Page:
To fully appreciate Ray Shero’s decision to extend the contracts of Dan Bylsma and his assistant coaches, Tony Granato and Todd Reirden, one must first understand
where Shero was coming from in making such an evaluation.
This wasn’t a referendum on the Boston series.
No one was happy about that, not Mario Lemieux, Shero, Bylsma, the players, nobody.
Nor was this an acknowledgment that the players like Bylsma and vice versa, because Shero really doesn’t care a great deal about that.
This was more an affirmation of Bylsma’s body of work and the manner in which he’s complied the longest running and most successful coaching tenure in franchise history.
“When I came here seven years ago one of the things I wanted to do was establish a tradition of trying to be a playoff team every year and build upon that,” Shero explained. “Over the course of the seven years through great ownership in Mario Lemieux and Ron Burkle we’ve been able to establish something very special here.
“My vision moving forward in evaluating our team, our coaches; the direction I want to go with this franchise is I really believe we have a great head coach in Dan Bylsma. I
believe he’s the coach to lead us forward.”
Shero believes that for a number of reasons and elaborated extensively during a stint behind the microphone at CONSOL Energy Center that lasted for approximately 57 minutes.
Clearly, he appreciates stability and continuity, qualities that have been in short supply throughout most of the organization’s tenure.
“Looking back on the history of the Pittsburgh Penguins, it’s not been too kind to coaches,” Shero pointed out. “It doesn’t reflect what my vision is for the team.”
But beyond that, Shero has an idea of how he wants the parts he acquires to function as a team.
Admittedly lacking the coaching acumen of his Stanley Cup-winning father, Fred Shero, Ray Shero went directly to the source in trying to determine how his players were being
coached, how they’d been coached in other NHL destinations, and if Bylsma’s vision of Pittsburgh Penguins Ice Hockey was really what was best for the franchise.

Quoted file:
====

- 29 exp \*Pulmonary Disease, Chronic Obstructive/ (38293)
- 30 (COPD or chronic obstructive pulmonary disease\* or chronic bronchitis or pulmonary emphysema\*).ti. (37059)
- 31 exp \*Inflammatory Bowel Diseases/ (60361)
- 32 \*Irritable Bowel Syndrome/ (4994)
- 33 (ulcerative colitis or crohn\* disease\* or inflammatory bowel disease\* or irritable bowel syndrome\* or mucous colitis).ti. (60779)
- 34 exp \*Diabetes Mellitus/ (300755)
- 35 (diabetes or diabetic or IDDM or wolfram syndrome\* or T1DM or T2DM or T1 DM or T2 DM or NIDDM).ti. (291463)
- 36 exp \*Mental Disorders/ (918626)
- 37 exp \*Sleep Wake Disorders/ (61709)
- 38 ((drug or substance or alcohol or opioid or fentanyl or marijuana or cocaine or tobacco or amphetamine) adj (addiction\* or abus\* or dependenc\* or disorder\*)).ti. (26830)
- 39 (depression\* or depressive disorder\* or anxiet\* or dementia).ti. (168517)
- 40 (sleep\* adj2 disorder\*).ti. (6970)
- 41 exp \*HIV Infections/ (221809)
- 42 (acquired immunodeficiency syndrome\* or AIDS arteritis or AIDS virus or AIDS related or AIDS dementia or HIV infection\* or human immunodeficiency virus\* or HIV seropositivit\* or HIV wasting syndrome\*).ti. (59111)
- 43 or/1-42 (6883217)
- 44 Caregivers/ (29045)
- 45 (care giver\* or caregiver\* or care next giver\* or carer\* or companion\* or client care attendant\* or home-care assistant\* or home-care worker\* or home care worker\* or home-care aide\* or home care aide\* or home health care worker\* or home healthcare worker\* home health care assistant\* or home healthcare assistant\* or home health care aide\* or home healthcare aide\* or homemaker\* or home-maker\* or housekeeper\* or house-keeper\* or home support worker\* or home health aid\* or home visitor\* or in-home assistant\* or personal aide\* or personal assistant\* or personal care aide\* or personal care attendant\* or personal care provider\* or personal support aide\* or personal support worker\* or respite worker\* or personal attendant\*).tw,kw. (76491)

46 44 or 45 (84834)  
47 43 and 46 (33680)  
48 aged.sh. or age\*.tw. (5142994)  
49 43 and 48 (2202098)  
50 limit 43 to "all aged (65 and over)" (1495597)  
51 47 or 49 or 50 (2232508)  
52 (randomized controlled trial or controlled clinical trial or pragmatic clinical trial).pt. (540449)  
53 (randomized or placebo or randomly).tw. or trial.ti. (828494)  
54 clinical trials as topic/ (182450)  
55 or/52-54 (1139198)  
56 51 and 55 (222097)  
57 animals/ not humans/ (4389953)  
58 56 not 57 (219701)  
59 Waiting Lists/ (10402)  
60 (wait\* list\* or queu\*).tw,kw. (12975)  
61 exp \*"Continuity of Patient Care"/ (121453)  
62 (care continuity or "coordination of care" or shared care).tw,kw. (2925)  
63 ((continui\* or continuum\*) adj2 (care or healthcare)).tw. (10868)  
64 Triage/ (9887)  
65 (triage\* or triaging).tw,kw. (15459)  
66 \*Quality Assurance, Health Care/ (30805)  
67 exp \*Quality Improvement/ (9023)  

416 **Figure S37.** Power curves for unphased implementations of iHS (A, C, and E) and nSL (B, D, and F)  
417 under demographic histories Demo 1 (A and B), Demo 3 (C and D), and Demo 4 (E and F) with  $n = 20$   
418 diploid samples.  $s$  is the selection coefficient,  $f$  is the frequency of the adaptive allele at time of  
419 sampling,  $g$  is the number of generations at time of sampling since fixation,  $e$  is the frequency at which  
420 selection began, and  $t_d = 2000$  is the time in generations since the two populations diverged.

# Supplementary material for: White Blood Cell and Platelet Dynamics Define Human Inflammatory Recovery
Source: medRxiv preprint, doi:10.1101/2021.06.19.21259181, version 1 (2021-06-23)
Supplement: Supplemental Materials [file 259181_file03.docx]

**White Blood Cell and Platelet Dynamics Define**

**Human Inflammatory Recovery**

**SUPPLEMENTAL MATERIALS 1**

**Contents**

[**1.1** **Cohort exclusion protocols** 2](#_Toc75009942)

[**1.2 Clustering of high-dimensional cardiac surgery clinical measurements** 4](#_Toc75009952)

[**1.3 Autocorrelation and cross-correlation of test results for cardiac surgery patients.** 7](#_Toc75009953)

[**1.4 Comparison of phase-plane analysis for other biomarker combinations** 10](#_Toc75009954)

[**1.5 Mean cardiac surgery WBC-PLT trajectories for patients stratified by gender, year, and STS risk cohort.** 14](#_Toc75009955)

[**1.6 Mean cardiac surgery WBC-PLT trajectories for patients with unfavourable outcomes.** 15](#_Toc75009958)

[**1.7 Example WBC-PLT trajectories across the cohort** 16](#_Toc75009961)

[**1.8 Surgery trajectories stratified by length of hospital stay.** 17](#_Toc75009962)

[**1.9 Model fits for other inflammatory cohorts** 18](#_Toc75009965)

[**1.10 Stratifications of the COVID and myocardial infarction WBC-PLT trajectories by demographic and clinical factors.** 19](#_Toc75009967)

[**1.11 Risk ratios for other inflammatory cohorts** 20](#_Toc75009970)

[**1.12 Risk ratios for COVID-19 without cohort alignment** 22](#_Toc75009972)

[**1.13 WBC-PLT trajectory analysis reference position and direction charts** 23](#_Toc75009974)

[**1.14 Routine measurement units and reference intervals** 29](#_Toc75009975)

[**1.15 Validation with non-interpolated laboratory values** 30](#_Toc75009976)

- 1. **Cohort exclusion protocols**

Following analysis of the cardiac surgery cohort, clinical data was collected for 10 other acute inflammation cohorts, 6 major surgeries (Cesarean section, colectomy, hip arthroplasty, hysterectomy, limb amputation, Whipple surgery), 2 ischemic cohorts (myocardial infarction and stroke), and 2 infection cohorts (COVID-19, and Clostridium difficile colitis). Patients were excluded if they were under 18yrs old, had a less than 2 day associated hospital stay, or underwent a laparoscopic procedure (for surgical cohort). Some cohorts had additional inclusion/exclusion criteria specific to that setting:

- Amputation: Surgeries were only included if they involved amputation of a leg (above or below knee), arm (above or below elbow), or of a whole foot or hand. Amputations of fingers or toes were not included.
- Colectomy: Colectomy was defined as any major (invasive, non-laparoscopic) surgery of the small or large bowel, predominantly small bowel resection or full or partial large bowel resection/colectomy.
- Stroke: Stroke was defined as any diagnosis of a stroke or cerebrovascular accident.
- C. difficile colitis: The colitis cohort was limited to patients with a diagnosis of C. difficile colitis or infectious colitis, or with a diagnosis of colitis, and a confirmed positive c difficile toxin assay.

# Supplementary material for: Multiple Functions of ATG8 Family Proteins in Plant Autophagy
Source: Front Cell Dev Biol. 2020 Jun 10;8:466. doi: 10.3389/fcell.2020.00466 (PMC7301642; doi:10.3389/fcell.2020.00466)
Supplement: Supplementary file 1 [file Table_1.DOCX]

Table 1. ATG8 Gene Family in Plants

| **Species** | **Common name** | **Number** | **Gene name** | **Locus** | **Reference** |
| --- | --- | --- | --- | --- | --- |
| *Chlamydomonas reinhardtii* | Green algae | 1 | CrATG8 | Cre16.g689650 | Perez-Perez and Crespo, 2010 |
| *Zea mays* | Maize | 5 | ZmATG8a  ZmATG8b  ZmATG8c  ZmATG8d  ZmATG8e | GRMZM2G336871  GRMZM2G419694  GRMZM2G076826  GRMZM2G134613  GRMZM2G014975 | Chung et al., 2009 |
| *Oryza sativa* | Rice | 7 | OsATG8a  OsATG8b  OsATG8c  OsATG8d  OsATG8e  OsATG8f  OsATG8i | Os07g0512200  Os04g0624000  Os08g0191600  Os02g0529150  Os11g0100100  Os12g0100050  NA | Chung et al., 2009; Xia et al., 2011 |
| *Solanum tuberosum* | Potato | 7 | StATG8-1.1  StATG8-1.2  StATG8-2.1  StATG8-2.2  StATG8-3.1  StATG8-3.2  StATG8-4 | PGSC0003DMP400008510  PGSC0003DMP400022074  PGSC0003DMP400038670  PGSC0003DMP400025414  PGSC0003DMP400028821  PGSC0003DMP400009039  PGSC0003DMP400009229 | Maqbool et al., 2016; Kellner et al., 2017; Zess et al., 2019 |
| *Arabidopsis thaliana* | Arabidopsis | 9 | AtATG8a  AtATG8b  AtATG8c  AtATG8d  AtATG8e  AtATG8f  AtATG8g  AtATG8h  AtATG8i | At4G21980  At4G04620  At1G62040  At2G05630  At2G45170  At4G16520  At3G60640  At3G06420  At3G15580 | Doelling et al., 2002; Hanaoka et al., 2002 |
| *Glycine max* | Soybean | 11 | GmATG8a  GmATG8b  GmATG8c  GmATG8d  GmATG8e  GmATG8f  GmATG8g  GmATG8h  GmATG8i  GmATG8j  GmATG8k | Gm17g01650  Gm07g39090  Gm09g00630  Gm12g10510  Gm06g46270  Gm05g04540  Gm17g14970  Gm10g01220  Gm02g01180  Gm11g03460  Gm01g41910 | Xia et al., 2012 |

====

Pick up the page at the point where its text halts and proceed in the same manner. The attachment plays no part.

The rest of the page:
The resounding respect for Bylsma and his staff and their methods confirmed what Shero already suspected.
“I learned a lot," he said, “I really did.”
Shero still doesn’t know what they hell happened in Game 2 against Boston. But he knows enough to know this isn’t about “adjustments” or any other catch-all characterization those demanding Bylsma’s head on a stick have spewed out in search of identifying someone to blame.
Even in defeat at the hands of the Bruins, that respect Bylsma has earned in the locker
room means everything.
Because if you don’t have that they just won’t play for you, and if they won’t play for you it doesn’t matter how well you can coach.
Ask Mike Therrien.
Also influencing Shero’s steadfast backing of his coach and Shero’s unshakable belief in his organization was the way that team the Penguins recently battled for the Stanley Cup twice in two seasons has been going about its business.
“I look at the Detroit Red Wings, I think they’re a model franchise,” Shero said. “They have a belief in what they do. They probably have the best general manager in the league in Kenny Holland. They have great payers and they have a coach they believe in, Mike Babcock.
“And they don’t get there every year. But you know what? Kenny Holland and their ownership group believe in what they’re doing and I believe the same.”
Bylsma, by the way, has a better regular-season winning percentage than Babcock (.630-.569) since Bylsma was promoted to the Penguins’ bench in February of 2009 (both are 35-29 in the playoffs since then).
That doesn’t make the sweep at the hands of the Bruins any less painful.
But in reaching the NHL’s Final Four the Penguins nonetheless fulfilled the requirements outlined by the organization’s Mission Statement.
It reads as follows:
“Our Mission: To compete for the Stanley Cup, energize and inspire our fans, positively impact our community, and advance the game of hockey.”
To get to the Final Two next season, to get their hands on another Cup, the Pens are going to have to get better.
That goes for Shero, Bylsma and players who “gotta be part of the responsibility,” Shero said.
But the GM believes in all involved.
The word he chose to express that belief was “faith.”
In maintaining that, Shero has nudged the organization into taking its initial steps toward that end again.